The first time I saw a Wing Works vest was on an upland hunting online forum. What initially jumped out at me were those bizarrely deep, rectangular shell pockets that rode on the sides of your hips. I had never seen any design like them, though it’s a feature that other manufacturers were quick to emulate. It seems that people either love or hate those deep pockets at their sides. Though I initially doubted their function, I quickly fell into the “love” category. I enjoy taking pictures of my dogs on point, so I need to be able to shove my camera or phone down into a pocket and not worry about it falling out. In fact, in ten years of wearing a Wing Works vest, I have never had something fall out of one of those voluminous pockets. From shells to my cell phone, they are deep enough to drop something in with the absolute minimum amount of attention and have maximum confidence that it will be there the next time I reach for it.
The placement of the pockets is such that you can take a high step over a downed log or hike up a steep incline without bumping your legs and potentially emptying out a pocket. This is something so practical that I would no longer consider wearing any vest where the pockets sit left and right of your belt buckle. Some users complained that those deep pockets had a tendency to collect debris, so Wing Works created a “Grouse Pocket” that turns your shell pocket into a vault that even the smallest bit of upland detritus would have trouble invading.
Another feature of the pocket I really liked in the original vest was a built-in slot that fit my Tritronics g3 e-collar transmitter so perfectly that it almost became part of the vest (though that particular transmitter has long been discontinued). Newer versions of the Wing Works vest have updated slots large enough to accommodate a Garmin GPS transmitter or even bear spray. These pockets pull double duty during training season by being large enough to hold extra Nalgene-sized water bottles for hot summer training days. They are also the perfect size to slide in a homing pigeon to transport in the field to be planted.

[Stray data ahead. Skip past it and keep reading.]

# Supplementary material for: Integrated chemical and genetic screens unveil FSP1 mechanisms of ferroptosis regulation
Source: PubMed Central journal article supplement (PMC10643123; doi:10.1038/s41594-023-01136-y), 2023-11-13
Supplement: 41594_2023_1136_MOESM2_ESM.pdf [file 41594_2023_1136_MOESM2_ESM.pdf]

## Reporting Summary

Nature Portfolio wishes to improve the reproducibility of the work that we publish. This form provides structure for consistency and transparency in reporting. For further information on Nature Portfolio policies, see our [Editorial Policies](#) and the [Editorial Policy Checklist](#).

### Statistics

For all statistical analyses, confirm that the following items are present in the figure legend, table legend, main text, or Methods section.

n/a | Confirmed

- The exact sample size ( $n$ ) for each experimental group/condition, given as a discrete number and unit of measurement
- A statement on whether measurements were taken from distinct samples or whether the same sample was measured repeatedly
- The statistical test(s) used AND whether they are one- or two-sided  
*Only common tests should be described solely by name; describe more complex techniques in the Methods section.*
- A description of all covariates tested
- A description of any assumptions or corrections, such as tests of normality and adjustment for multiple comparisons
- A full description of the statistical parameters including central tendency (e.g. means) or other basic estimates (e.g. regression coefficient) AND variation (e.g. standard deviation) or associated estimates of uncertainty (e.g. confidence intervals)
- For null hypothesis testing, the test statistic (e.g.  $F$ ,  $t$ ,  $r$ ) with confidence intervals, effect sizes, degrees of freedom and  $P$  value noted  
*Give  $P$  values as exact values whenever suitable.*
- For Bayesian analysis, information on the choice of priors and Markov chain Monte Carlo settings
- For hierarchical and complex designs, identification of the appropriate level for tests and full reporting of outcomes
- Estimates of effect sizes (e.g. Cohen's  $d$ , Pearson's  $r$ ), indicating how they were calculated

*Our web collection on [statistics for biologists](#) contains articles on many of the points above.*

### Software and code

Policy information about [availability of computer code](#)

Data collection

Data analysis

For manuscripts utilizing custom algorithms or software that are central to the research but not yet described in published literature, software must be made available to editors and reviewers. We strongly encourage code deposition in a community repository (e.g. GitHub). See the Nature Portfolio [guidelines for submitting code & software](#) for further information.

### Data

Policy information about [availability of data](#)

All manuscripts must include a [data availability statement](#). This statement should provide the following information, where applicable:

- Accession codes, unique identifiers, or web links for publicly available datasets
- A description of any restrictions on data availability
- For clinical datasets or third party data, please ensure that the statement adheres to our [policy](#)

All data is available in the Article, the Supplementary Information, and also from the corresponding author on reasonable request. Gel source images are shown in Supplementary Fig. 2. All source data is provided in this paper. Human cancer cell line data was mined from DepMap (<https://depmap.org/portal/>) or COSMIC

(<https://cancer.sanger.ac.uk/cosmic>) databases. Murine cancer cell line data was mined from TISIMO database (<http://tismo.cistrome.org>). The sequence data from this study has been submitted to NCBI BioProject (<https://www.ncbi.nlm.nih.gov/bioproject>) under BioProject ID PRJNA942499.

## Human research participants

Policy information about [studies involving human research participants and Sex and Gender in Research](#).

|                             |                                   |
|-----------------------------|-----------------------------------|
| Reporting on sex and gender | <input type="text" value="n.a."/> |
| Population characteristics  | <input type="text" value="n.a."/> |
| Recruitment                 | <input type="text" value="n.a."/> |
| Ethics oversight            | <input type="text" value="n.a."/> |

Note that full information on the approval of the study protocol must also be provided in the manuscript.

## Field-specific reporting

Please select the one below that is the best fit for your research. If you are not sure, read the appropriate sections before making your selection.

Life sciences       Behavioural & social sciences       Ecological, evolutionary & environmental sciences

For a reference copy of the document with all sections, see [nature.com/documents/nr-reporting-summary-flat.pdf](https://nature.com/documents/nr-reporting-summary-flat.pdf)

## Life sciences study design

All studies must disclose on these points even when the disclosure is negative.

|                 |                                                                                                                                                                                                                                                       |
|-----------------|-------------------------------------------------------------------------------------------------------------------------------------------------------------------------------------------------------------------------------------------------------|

The designated water bottle holders that ride between the game bag and shell pockets do their job with perfect simplicity. They held the proprietary Wing Works 32oz water bottle securely, released it easily, and accepted them back with no fumbling. It’s a smart setup and Wing Works perfected it first.
The game bag is very roomy and almost structured, making for easy loading while wearing it. There is plenty of space for birds, a camera, and a water bladder as well as a large, zippered storage pouch to keep your snacks and first aid kit. The structure of the game bag and hip pockets gives the vest a large footprint around your body, something that many grouse hunters have expressed concern about while slipping around trees in pursuit of the wily limb chicken. I can say from firsthand experience hunting ruffed grouse in the rainforest jungles of western Washington that my Wing Works vest was never a hindrance when clawing through alders and negotiating blowdowns.
The foundation of the whole system is the waist belt. It was one of the very first, if not the very first, load-bearing waist belt on a bird hunting vest. When worn correctly with the strap across your navel, the padded belt will ride at the top of your hips (known as the iliac crest) and allow you to comfortably carry the weight of the vest’s contents. If you hear someone complain about how uncomfortable a strap vest with a load-bearing belt is, pay attention to how they are wearing it before deciding for yourself. If that strap isn’t going across their navel, they are wearing it wrong.